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Years ago, Maryland personal injury cases relied more on witness testimony than any other type of evidence. However, with recent technological advancements has come a recent reliance on new types of evidence. Video evidence is among that which is becoming more common. In some situations, courts must revisit old rules when dealing with new evidence.

In a recent opinion issued by a state appellate court, the court certified a question to the state’s supreme court regarding the use of video evidence. Specifically, the question involved how lower courts should handle video evidence at the summary judgment stage when the video flatly contradicts one parties testimony.

Summary judgment is a stage in many personal injury trials in which a party claims that, taking the agreed-upon facts, it is entitled to judgment as a matter of law. Generally, courts will consider the uncontested evidence and apply the law to the facts. If the court determines that the moving party is entitled to judgment as a matter of law, the court will enter judgment without the case ever going to trial.

Under state and federal law, government entities are generally provided immunity from personal injury lawsuits. However, Maryland lawmakers passed the Maryland Tort Claims Act (the “Act”), which waives governmental immunity in most circumstances, provided an injury victim follows the strict procedural requirements outlined in the Act. Thus, Maryland car accident victims can typically pursue a claim against a government entity overseeing the area where the accident occurred.

Recently, a state appellate court issued a written opinion in a car accident case discussing whether the government could be held liable for the accident victim’s injuries. According to the court’s opinion, the plaintiff was driving a motorcycle northbound on a divided road. As the plaintiff approached an intersection, he noticed a slow-moving SUV approaching from the opposite direction. The SUV attempted to make a left turn in front of the plaintiff, cutting him off and leaving him no time to react. The plaintiff crashed into the passenger side of the SUV, and was seriously injured as a result.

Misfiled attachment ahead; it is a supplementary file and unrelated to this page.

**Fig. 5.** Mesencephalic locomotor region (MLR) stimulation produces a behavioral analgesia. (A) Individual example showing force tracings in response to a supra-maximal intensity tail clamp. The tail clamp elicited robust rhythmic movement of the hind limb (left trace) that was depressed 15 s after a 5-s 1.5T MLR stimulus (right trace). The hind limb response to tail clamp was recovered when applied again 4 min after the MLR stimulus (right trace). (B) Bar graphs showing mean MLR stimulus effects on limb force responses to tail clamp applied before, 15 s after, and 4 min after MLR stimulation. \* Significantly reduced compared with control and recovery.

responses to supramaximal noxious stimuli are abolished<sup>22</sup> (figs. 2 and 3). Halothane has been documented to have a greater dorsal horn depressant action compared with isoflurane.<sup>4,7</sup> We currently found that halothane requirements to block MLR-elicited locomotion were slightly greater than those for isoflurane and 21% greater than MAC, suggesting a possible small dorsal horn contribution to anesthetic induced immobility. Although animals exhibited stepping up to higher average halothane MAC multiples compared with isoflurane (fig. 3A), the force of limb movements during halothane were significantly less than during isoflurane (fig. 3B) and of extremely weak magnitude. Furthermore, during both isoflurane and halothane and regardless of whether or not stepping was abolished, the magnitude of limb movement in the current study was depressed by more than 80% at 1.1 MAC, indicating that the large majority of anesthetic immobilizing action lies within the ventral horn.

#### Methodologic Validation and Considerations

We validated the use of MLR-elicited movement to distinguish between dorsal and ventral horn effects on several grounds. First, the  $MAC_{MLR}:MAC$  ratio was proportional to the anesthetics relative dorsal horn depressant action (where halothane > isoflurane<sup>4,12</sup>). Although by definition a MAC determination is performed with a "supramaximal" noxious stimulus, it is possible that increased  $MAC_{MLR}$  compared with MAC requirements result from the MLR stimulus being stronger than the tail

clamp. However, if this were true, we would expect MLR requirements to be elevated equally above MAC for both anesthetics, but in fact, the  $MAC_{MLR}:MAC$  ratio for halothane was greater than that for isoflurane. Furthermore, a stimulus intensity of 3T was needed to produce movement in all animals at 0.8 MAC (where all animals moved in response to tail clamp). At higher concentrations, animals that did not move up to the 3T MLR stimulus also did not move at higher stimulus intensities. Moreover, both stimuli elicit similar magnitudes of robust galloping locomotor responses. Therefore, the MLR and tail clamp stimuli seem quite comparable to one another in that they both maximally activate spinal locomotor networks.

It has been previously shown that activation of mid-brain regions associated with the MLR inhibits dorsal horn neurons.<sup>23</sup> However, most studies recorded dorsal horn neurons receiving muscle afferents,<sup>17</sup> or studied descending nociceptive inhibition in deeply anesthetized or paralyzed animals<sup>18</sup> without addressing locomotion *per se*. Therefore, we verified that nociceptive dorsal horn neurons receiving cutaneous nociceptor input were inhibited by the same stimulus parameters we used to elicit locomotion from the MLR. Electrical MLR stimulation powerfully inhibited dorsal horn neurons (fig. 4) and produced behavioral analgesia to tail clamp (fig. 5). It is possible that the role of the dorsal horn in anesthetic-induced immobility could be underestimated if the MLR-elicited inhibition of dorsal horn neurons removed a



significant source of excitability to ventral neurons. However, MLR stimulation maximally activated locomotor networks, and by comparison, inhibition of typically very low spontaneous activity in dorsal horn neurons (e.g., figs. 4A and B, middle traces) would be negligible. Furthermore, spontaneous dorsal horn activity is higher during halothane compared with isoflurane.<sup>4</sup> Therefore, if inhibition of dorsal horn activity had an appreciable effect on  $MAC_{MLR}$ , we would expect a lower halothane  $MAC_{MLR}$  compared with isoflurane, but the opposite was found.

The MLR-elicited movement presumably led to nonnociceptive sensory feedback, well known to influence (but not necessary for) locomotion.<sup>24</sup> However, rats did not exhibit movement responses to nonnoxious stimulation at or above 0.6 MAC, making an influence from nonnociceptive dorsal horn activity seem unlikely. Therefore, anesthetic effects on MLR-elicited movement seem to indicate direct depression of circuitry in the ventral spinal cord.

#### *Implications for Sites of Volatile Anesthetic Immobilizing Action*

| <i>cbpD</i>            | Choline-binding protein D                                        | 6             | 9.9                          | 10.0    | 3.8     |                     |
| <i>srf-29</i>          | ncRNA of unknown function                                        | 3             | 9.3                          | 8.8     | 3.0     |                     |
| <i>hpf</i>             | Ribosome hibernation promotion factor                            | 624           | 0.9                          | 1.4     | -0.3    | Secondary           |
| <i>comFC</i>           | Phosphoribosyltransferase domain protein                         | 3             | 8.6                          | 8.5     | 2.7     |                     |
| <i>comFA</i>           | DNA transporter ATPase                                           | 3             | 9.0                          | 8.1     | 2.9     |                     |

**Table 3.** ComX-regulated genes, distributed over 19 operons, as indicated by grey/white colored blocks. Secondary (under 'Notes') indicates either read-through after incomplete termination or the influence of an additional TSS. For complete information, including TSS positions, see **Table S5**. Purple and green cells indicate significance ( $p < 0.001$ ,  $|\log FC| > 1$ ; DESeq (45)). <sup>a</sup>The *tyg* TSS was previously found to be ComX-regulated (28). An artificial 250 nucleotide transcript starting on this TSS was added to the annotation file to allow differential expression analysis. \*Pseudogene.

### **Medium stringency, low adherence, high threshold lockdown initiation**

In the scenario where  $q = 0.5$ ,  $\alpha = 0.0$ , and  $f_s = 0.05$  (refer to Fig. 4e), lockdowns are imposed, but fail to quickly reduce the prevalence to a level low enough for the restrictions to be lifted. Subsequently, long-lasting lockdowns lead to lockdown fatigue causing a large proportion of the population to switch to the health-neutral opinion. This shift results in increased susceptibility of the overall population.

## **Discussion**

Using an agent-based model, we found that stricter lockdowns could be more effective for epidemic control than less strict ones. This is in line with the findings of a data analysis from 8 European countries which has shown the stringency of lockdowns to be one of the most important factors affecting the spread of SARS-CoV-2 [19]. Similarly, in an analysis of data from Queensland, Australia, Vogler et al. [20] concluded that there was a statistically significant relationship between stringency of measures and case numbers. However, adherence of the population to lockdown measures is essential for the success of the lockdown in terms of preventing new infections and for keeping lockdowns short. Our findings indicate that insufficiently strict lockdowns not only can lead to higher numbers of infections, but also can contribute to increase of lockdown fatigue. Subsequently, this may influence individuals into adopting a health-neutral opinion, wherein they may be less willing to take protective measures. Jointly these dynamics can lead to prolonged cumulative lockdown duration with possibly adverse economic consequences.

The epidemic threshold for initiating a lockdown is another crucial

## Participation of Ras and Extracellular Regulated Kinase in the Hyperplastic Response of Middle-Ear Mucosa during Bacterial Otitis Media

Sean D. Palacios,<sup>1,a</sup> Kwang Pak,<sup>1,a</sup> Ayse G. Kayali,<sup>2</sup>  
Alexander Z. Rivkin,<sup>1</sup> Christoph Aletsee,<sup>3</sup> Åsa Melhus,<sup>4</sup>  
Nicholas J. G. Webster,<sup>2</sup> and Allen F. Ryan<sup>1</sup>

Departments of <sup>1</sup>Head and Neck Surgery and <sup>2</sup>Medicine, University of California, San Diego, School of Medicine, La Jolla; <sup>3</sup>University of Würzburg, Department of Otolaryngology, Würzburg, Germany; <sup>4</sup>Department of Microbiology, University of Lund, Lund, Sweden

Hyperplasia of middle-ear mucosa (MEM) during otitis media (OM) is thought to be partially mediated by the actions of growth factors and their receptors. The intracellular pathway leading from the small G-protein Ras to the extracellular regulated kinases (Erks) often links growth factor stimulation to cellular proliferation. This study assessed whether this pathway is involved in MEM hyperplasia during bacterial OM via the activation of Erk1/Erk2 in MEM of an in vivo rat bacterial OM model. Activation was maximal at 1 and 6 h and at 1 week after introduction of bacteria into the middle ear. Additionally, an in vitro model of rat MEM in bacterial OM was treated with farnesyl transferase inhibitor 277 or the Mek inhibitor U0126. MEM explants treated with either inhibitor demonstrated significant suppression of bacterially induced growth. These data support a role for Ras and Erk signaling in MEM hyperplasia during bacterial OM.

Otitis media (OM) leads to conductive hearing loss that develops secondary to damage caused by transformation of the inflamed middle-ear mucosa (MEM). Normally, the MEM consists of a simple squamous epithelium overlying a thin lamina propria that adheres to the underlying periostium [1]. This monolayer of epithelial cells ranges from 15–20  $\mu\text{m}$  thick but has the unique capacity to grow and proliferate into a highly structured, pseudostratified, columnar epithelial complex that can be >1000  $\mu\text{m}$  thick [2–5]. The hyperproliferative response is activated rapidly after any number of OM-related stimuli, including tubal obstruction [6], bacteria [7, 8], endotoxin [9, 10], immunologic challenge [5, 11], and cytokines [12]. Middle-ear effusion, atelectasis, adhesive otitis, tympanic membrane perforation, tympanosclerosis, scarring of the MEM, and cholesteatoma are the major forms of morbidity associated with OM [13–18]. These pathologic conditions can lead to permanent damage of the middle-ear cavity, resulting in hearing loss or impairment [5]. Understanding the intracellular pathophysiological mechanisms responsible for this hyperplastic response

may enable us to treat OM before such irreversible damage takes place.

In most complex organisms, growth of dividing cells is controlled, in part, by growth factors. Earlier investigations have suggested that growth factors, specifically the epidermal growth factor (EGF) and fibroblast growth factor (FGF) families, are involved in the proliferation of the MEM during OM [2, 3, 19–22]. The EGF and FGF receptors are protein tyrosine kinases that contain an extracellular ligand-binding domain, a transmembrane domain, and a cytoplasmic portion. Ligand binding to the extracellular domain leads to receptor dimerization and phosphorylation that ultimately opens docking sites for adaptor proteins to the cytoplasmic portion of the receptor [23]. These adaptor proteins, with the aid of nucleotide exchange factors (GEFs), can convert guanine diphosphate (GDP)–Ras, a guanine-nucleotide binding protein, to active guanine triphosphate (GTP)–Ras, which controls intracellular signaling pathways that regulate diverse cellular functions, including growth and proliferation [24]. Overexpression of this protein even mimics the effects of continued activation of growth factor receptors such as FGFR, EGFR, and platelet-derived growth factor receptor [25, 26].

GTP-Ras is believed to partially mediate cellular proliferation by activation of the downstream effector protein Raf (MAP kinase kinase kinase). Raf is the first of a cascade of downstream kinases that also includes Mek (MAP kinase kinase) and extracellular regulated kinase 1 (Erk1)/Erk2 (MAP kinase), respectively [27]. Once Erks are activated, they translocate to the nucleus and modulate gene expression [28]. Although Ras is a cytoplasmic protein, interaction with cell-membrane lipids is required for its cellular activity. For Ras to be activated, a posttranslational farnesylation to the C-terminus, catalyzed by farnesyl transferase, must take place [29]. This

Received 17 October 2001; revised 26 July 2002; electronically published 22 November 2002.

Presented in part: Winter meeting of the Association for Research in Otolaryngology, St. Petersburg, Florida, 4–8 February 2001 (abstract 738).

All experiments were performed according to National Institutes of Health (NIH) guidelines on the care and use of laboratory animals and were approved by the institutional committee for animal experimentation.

The plaintiff filed a personal injury lawsuit against the city where the accident occurred, claiming that the city negligently placed trees along the center median, which obstructed motorists’ views. The city argued it was not liable because it was not aware of the hazard the trees presented. In its defense, the city presented the court with 13 accident reports from accidents occurring at the same intersection. The city claimed that nowhere in the reports did any of the parties involved claim that the trees obstructed their vision.

A significant portion of Maryland personal injury lawsuits are filed against corporations. One issue that frequently comes up when discussing the potential liability of a corporate defendant is how the sale of business assets impacts a business’ exposure to liability. Successor liability is the legal term used to describe this concept.

When discussing successor liability, it is helpful to understand a few terms. The purchasing corporation is referred to as the successor company, and the selling corporation is referred to as the predecessor company. Under Maryland law, when a company buys the assets of another company, the successor company is not liable for the predecessor’s liabilities. However, there are four exceptions to this general rule:

  1. If there is an express assumption of liability in the articles of transfer;

Car accidents often result in serious, lifelong injuries that can change an accident victim’s life. There are almost limitless causes of Maryland road accidents, ranging from the common to the obscure. A recent state appellate decision discusses a situation that, while may seem to be uncommon, is actually responsible for more accidents than most motorists believe.